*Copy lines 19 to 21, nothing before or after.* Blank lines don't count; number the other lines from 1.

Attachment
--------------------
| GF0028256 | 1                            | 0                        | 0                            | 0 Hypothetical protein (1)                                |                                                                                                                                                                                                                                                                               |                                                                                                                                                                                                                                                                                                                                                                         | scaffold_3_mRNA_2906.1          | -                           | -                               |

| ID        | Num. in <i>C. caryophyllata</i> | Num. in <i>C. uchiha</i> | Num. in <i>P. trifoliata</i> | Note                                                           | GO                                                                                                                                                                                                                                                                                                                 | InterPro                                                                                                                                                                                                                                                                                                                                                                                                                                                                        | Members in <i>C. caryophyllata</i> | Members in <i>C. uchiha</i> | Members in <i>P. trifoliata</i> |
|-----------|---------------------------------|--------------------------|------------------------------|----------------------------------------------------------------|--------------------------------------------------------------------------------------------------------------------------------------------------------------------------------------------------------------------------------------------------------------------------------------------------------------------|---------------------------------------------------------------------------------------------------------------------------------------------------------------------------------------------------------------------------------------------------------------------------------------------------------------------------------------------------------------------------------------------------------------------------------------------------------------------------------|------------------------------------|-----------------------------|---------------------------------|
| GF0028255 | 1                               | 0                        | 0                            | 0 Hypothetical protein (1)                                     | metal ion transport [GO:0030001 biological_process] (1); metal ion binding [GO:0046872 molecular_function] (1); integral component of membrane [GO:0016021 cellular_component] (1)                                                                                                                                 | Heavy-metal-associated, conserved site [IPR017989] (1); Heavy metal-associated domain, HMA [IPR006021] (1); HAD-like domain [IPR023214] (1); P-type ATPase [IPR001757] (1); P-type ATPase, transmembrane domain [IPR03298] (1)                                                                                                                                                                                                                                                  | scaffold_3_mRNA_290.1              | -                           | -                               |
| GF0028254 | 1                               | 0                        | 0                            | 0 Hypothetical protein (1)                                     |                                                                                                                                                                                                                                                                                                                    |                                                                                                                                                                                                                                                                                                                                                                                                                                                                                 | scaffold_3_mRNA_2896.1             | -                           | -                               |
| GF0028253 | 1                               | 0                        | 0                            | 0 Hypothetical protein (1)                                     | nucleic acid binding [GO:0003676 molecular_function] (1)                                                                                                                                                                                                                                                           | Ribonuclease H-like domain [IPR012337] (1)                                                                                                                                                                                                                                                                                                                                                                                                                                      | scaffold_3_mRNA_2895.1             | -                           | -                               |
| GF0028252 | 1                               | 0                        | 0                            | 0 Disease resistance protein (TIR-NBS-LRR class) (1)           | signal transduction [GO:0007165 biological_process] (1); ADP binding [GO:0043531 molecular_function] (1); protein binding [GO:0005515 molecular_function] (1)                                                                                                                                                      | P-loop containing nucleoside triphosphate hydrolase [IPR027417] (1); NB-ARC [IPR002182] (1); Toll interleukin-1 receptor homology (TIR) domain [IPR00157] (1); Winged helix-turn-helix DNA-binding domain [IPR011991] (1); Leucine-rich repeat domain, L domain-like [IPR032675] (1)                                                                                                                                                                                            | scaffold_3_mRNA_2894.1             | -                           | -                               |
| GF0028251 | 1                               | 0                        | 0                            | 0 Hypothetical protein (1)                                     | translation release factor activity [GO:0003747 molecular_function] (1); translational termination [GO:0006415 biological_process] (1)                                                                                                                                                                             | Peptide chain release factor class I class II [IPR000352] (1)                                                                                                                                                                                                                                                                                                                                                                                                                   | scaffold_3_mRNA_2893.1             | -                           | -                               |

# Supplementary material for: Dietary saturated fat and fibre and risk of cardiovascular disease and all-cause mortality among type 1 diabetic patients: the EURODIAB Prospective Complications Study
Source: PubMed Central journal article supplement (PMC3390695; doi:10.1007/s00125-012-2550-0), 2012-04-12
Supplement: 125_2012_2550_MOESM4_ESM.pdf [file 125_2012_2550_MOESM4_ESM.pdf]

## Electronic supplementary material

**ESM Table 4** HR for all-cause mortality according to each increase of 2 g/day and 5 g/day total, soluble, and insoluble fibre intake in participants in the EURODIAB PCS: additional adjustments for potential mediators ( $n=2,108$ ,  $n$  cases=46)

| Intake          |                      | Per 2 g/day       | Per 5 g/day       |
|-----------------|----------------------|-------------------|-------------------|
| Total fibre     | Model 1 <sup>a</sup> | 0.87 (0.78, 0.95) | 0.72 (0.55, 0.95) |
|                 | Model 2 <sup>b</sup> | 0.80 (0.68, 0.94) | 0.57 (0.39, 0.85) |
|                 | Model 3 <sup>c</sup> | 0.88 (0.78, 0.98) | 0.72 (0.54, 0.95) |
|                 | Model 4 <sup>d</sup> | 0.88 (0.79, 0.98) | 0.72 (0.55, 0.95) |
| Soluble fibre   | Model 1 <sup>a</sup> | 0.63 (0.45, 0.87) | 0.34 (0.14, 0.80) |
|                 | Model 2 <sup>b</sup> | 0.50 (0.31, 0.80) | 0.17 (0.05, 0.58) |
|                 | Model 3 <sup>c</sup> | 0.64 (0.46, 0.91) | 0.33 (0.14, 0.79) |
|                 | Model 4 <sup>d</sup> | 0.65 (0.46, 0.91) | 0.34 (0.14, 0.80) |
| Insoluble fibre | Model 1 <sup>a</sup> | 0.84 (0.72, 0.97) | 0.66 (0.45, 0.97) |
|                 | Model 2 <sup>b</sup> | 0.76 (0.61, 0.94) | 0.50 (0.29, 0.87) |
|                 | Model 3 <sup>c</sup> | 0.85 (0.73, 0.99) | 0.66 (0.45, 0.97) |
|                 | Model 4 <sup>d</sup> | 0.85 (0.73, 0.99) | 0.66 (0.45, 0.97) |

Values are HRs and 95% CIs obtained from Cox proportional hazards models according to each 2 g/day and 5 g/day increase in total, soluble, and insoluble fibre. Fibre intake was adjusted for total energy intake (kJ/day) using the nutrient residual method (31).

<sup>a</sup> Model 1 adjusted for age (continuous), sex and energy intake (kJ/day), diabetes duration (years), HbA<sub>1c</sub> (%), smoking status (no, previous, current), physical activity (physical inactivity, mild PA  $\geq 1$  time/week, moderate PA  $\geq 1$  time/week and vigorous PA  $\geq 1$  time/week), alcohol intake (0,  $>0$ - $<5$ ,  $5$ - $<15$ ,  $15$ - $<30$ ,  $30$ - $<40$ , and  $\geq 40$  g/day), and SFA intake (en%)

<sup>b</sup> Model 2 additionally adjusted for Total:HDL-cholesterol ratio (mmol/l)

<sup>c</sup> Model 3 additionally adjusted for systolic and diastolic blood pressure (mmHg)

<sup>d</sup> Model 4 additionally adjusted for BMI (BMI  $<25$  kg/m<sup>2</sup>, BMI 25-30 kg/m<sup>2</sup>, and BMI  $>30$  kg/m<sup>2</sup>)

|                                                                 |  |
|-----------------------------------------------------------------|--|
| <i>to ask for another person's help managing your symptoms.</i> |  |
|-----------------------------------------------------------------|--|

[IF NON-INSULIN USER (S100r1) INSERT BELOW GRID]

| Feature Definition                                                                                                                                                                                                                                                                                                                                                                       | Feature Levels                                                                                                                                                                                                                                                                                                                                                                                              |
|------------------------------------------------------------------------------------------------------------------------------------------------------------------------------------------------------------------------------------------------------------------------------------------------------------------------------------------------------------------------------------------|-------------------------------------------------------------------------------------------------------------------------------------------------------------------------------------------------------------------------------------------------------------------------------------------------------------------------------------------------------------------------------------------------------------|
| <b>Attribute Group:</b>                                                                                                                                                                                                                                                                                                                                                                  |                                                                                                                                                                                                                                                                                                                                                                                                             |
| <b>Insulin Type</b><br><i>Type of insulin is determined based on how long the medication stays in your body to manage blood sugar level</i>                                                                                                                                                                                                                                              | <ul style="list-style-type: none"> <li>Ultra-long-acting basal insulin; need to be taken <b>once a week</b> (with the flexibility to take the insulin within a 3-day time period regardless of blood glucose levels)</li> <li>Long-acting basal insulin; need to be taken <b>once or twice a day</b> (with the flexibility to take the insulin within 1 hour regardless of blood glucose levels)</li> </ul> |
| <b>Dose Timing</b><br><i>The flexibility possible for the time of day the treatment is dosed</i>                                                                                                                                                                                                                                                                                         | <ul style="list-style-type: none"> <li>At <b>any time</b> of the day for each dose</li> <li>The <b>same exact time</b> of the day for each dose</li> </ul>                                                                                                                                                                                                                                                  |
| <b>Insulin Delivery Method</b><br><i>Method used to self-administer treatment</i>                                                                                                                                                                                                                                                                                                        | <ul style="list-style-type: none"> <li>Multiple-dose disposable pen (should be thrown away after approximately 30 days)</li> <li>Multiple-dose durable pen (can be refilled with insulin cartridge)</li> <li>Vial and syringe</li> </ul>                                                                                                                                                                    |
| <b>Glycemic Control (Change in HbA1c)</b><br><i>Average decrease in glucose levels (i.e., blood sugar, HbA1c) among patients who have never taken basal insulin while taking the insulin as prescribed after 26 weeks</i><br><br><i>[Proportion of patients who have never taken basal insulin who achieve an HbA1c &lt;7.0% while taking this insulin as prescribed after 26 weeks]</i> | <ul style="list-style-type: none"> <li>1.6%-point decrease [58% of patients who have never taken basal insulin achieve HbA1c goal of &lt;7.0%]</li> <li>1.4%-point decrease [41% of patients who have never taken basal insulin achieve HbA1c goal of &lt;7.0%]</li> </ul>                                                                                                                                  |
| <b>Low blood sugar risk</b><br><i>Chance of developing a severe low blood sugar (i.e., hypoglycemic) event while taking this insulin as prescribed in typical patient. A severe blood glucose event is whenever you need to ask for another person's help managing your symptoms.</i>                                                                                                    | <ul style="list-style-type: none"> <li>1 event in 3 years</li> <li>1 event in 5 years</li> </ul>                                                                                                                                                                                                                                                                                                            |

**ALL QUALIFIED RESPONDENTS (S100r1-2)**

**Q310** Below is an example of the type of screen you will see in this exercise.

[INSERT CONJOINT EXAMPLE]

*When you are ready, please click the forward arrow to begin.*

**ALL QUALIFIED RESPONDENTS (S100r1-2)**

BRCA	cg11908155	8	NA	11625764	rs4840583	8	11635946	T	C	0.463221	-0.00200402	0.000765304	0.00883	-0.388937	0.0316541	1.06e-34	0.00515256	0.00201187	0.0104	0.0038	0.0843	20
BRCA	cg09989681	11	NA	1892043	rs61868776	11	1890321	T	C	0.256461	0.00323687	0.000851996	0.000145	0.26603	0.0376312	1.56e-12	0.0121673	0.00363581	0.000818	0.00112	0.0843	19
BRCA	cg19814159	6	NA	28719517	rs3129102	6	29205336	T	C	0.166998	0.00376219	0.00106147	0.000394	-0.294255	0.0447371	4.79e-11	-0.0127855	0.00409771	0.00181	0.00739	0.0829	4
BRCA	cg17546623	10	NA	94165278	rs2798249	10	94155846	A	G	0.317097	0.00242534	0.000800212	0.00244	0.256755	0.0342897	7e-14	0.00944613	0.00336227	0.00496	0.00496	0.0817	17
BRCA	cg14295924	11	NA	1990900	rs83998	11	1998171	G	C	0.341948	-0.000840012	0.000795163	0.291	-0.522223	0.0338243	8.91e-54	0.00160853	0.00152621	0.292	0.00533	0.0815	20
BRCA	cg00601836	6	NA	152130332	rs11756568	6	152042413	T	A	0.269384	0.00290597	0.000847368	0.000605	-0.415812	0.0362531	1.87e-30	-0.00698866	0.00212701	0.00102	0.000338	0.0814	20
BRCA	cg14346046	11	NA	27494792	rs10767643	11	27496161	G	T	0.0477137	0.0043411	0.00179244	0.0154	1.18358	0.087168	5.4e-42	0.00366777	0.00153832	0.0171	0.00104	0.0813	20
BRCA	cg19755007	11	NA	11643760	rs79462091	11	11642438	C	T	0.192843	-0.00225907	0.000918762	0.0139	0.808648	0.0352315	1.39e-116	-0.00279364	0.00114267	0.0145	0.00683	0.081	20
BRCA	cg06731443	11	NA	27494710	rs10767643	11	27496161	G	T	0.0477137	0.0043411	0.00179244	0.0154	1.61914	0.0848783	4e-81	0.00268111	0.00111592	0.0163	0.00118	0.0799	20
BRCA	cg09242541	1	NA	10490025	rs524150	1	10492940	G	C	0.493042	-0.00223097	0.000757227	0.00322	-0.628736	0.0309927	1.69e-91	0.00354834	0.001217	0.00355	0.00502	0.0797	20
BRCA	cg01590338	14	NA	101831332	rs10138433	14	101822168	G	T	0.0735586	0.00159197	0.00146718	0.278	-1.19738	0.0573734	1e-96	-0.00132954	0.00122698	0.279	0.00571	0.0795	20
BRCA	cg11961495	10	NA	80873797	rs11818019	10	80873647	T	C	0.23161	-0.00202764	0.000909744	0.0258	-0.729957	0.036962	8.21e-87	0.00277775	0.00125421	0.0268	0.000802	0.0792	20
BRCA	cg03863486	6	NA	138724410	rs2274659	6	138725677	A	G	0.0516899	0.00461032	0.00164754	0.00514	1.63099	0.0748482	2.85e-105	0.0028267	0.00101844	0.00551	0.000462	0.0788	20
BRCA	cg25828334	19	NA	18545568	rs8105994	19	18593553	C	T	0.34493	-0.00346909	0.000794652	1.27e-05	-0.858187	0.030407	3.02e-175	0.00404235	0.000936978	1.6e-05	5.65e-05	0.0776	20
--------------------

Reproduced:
|                 | Model 4 <sup>d</sup> | 0.88 (0.79, 0.98) | 0.72 (0.55, 0.95) |
| Soluble fibre   | Model 1 <sup>a</sup> | 0.63 (0.45, 0.87) | 0.34 (0.14, 0.80) |
|                 | Model 2 <sup>b</sup> | 0.50 (0.31, 0.80) | 0.17 (0.05, 0.58) |